We had turkey for Christmas by popular demand. I made things interesting for myself, by not repeating verbatim the Thanksgiving meal from last month. I did make stock.

    I decided to try to make turkey leftovers a bit more interesting:
    - I made a Thai (red) curry. I was going to make classic American 1950's curry, but had run out of curry powder. I had lots of Thai curry paste, which is odd when you consider how little Thai I cook. It was also great for clearing lots of odds and ends from the vegetable bin.
    - Creamed turkey over grits. I was originally planning to make biscuits. I remember I had some stone ground grits, which take a while to cook and wanted to finish up.
    - Balance of the turkey will go in a lasagna with spinach, which will deal with all the cheese odds and ends.

    Regards,
    Cathy2

    "You'll be remembered long after you're dead if you make good gravy, mashed potatoes and biscuits." -- Nathalie Dupree
    Facebook, Twitter, Greater Midwest Foodways, Road Food 2012: Podcast
  • Post #43 - December 31st, 2014, 11:00 am
    Post #43 - December 31st, 2014, 11:00 am Post #43 - December 31st, 2014, 11:00 am
    I've been eating Mughal Lox for the last week: At our holiday party, I made an Indian cheese ball with paneer, cream cheese, ginger, chiles and other spices. For Christmas, to feed my kosher-keeping daughter-in-law, I made steelhead from Costco with a tikka marinade.

    There were lots of leftovers of both, and the cheese, shmeared on a toasted english muffin and topped with the cold salmonid fish and a few thin slices of cucumber have made outstanding breakfasts.

    An everything bagel's got nothing on garam masala.
    What is patriotism, but the love of good things we ate in our childhood?
    -- Lin Yutang
  • Post #44 - December 31st, 2014, 5:34 pm
    Post #44 - December 31st, 2014, 5:34 pm Post #44 - December 31st, 2014, 5:34 pm
    I've got a giant ham bone simmering in the stock pot. Once it's finished I'll do the dried beans in the stock, add a good amount of ham and whatever veg I feel like at the time and New Years day dinner will be ham-bone soup and crusty home-made bread & butter.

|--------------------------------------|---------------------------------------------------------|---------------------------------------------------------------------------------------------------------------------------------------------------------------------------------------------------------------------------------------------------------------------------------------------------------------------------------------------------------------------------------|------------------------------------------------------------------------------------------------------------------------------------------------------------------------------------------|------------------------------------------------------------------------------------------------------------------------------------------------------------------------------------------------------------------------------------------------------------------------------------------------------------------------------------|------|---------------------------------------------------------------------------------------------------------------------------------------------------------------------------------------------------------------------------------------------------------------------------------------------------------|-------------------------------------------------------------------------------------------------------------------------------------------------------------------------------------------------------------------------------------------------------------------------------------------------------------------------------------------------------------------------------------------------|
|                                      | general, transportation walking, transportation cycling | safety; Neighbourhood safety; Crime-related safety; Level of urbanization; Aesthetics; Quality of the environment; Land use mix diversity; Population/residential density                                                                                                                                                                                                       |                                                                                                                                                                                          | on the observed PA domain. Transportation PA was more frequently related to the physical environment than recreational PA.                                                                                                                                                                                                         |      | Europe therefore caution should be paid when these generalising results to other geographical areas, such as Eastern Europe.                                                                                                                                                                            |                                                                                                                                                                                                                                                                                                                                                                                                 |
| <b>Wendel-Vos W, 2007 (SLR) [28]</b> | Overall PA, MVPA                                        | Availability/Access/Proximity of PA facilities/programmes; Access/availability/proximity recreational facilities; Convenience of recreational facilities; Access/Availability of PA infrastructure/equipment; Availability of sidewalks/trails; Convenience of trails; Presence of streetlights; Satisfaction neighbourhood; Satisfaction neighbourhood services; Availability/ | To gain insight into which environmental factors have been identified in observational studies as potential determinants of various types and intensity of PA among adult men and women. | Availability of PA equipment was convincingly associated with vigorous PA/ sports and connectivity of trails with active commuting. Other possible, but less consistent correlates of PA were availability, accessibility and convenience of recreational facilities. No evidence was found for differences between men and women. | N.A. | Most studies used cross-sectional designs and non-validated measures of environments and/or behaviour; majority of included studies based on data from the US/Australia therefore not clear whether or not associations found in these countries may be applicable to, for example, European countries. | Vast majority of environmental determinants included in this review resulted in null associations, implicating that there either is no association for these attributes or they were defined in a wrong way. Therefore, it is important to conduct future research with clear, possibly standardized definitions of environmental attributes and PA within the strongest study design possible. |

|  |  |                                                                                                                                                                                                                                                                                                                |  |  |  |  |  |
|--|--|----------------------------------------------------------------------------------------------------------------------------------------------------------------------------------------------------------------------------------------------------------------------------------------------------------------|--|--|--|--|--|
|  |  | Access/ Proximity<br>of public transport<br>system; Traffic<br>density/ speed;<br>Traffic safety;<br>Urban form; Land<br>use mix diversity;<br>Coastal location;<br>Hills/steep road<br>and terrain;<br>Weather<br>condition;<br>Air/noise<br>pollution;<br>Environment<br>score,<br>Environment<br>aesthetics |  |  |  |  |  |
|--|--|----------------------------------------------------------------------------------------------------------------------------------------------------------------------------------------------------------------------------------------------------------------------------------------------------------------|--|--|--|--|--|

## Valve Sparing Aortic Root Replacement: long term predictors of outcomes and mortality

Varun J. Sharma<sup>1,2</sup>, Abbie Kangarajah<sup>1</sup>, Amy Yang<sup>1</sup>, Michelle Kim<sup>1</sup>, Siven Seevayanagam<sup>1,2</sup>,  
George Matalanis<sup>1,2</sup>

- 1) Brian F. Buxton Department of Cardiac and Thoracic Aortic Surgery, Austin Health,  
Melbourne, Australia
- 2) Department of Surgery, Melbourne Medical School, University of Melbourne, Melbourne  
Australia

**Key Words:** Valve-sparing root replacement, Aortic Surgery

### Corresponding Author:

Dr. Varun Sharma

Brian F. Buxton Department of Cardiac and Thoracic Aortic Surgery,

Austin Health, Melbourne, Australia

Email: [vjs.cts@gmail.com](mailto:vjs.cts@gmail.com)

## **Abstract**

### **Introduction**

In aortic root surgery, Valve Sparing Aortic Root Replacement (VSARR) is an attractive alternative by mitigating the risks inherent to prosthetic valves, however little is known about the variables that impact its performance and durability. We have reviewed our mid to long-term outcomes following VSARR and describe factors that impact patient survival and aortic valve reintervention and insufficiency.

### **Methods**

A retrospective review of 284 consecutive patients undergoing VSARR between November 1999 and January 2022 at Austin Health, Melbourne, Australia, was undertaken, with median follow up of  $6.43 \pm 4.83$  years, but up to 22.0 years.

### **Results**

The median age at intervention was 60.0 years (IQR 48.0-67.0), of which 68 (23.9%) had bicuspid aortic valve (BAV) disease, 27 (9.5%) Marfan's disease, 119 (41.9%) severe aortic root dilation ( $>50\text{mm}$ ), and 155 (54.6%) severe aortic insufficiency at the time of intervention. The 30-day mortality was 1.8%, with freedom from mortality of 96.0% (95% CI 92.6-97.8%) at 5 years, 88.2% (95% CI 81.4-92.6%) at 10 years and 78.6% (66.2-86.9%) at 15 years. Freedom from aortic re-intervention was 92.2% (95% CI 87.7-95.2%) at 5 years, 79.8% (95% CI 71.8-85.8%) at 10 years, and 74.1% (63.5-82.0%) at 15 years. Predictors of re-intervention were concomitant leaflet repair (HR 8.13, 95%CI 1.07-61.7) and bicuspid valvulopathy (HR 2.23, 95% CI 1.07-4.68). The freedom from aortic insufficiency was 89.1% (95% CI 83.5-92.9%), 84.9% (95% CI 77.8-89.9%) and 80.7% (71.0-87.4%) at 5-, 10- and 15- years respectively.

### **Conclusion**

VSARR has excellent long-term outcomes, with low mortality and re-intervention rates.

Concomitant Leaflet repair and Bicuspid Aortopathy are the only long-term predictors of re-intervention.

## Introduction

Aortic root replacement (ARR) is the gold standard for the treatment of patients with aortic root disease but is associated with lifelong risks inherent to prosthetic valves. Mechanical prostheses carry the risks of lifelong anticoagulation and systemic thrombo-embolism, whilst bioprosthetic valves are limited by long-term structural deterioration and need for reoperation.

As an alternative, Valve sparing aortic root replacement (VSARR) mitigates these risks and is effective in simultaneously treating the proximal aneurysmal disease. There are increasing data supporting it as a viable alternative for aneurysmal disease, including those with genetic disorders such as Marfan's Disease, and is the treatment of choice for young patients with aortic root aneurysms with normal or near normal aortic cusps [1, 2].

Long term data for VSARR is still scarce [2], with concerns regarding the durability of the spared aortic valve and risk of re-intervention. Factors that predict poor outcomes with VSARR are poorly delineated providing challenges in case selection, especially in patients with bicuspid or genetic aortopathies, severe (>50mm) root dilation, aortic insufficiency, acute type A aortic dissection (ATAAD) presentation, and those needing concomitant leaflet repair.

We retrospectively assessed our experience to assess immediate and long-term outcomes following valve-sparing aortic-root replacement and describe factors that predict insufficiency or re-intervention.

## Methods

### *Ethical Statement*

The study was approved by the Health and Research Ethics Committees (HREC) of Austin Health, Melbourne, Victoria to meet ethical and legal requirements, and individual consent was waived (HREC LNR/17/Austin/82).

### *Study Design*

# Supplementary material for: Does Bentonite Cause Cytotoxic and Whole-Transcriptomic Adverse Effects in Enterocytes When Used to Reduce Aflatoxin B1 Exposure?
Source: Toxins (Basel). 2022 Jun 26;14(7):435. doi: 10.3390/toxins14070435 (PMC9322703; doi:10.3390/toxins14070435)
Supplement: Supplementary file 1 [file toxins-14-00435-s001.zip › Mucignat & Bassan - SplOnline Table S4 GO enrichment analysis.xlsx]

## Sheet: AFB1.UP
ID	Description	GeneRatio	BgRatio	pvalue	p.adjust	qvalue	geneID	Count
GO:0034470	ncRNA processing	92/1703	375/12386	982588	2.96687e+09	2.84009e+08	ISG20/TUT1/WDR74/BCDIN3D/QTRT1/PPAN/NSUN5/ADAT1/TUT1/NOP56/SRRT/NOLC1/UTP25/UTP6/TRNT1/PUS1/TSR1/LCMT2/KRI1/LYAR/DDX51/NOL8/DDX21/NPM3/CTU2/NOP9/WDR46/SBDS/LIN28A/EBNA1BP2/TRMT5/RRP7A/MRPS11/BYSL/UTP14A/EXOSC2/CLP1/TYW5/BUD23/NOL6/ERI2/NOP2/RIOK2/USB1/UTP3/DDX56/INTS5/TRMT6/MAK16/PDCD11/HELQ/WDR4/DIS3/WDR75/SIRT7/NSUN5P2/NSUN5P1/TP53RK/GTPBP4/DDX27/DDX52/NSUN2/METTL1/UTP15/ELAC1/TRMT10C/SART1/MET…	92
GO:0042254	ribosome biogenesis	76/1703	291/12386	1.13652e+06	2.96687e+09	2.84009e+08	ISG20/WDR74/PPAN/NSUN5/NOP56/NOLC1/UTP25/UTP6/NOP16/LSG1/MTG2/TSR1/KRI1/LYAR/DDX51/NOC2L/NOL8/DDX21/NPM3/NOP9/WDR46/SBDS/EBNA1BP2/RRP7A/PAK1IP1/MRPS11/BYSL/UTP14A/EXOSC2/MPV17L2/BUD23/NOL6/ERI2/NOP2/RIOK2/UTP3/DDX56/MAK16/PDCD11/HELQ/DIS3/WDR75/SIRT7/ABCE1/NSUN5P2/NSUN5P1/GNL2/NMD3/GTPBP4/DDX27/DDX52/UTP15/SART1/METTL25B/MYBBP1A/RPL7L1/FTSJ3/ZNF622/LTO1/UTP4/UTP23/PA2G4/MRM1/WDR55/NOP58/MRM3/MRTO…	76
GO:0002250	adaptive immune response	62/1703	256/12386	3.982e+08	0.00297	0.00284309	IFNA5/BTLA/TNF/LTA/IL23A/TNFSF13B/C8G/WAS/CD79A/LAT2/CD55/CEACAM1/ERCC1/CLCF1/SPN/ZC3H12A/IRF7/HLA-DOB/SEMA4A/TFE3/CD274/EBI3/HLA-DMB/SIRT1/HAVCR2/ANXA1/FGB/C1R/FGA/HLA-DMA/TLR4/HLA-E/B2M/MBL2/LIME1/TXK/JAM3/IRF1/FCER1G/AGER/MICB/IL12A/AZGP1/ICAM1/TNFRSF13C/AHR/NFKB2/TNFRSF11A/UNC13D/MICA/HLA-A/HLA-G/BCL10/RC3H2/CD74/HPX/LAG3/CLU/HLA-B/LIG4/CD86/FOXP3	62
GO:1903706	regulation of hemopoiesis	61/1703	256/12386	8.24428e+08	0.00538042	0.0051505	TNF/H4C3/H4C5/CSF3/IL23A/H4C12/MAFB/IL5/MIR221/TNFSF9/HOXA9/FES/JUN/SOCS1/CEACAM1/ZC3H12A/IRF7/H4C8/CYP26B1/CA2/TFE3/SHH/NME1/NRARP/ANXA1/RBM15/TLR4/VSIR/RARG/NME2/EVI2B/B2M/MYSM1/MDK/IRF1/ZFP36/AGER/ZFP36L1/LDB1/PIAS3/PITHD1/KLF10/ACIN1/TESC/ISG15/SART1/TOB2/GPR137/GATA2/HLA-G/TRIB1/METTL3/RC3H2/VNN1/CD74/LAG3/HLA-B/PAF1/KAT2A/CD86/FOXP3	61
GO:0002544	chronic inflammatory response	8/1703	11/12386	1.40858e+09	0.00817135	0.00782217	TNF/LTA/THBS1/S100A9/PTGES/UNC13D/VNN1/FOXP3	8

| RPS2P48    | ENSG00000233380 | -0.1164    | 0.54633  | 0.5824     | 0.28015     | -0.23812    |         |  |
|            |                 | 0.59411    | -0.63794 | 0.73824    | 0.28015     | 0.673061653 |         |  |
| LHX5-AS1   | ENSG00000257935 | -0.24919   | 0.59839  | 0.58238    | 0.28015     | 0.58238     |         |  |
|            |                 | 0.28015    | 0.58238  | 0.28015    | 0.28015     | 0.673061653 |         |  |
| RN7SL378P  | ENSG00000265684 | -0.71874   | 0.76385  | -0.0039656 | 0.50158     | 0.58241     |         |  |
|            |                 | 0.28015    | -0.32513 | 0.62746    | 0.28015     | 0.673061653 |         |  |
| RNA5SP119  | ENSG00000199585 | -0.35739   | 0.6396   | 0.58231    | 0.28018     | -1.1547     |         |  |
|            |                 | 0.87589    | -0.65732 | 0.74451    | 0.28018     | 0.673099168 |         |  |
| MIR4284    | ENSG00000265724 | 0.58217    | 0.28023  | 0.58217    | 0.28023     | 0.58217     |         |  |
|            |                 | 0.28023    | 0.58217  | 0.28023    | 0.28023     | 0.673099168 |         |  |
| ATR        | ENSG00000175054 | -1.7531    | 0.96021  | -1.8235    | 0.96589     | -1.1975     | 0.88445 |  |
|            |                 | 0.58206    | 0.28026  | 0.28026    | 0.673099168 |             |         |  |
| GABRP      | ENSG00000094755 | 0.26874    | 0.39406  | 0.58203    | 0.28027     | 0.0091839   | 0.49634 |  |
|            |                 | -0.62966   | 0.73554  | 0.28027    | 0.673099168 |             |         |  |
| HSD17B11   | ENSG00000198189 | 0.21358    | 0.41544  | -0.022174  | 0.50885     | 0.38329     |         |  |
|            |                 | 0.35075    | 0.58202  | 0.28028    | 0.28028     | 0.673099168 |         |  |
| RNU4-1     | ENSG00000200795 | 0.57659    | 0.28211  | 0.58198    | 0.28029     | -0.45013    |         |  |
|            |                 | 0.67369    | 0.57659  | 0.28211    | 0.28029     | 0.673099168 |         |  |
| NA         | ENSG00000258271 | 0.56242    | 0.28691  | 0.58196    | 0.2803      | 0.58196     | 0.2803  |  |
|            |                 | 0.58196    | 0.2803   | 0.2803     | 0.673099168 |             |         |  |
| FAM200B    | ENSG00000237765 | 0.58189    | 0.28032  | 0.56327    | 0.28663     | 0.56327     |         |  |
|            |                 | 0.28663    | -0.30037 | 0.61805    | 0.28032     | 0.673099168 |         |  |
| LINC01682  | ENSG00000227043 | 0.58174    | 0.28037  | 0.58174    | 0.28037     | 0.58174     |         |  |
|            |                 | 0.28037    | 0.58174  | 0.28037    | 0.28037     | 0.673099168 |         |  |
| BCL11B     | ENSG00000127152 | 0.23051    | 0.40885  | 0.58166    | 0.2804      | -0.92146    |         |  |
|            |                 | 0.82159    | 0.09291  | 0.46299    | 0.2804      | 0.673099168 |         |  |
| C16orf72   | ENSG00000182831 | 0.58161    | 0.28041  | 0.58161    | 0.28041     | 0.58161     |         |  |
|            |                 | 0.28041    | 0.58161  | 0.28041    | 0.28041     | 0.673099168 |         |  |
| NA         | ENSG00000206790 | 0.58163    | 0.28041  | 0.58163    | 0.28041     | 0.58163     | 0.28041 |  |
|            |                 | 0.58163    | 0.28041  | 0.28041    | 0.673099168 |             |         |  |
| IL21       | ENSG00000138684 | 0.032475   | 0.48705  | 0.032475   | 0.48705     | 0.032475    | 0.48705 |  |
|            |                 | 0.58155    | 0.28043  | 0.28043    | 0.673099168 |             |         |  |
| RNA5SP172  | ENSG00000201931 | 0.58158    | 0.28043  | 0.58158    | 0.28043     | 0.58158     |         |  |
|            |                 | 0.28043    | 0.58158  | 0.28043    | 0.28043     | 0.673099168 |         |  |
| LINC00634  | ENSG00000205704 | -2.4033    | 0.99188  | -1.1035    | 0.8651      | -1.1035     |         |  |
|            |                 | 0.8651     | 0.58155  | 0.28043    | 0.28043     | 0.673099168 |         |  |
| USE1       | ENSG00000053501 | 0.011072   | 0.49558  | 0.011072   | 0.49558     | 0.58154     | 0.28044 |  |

• Post #45 - November 22nd, 2018, 10:47 pm
    Post #45 - November 22nd, 2018, 10:47 pm Post #45 - November 22nd, 2018, 10:47 pm
    Hi,

    Paul Hollywood did a turkey leftovers Chelsea buns on one of the Great British Baking Show master classes.

    I made them and will do it again, recipe here.

    I plan to make at least one mincemeat dessert using their ideas of adding fresh fruit to the mincemeat mixture. It really improves the mincemeat experience.

    Regards,
    Cathy2
    Cathy2

    "You'll be remembered long after you're dead if you make good gravy, mashed potatoes and biscuits." -- Nathalie Dupree
    Facebook, Twitter, Greater Midwest Foodways, Road Food 2012: Podcast
  • Post #46 - November 23rd, 2018, 7:17 am
    Post #46 - November 23rd, 2018, 7:17 am Post #46 - November 23rd, 2018, 7:17 am
    Another take from the English is my "Bubble and Squek." Cube up some turkey, add to bowl with leftover mashed potatoes, mashed rutabaga, mashed sweet potato, dressing/stuffing, and whatever else you have left that you think would fit. Mix well, and form into large patties. Fry slowly in a fry pan in a butter base. After both side have a little crust on and the whole is warm, put onto a plate and add hot gravy. You will be a hero in your own house.
  • Post #47 - November 23rd, 2018, 5:49 pm
    Post #47 - November 23rd, 2018, 5:49 pm Post #47 - November 23rd, 2018, 5:49 pm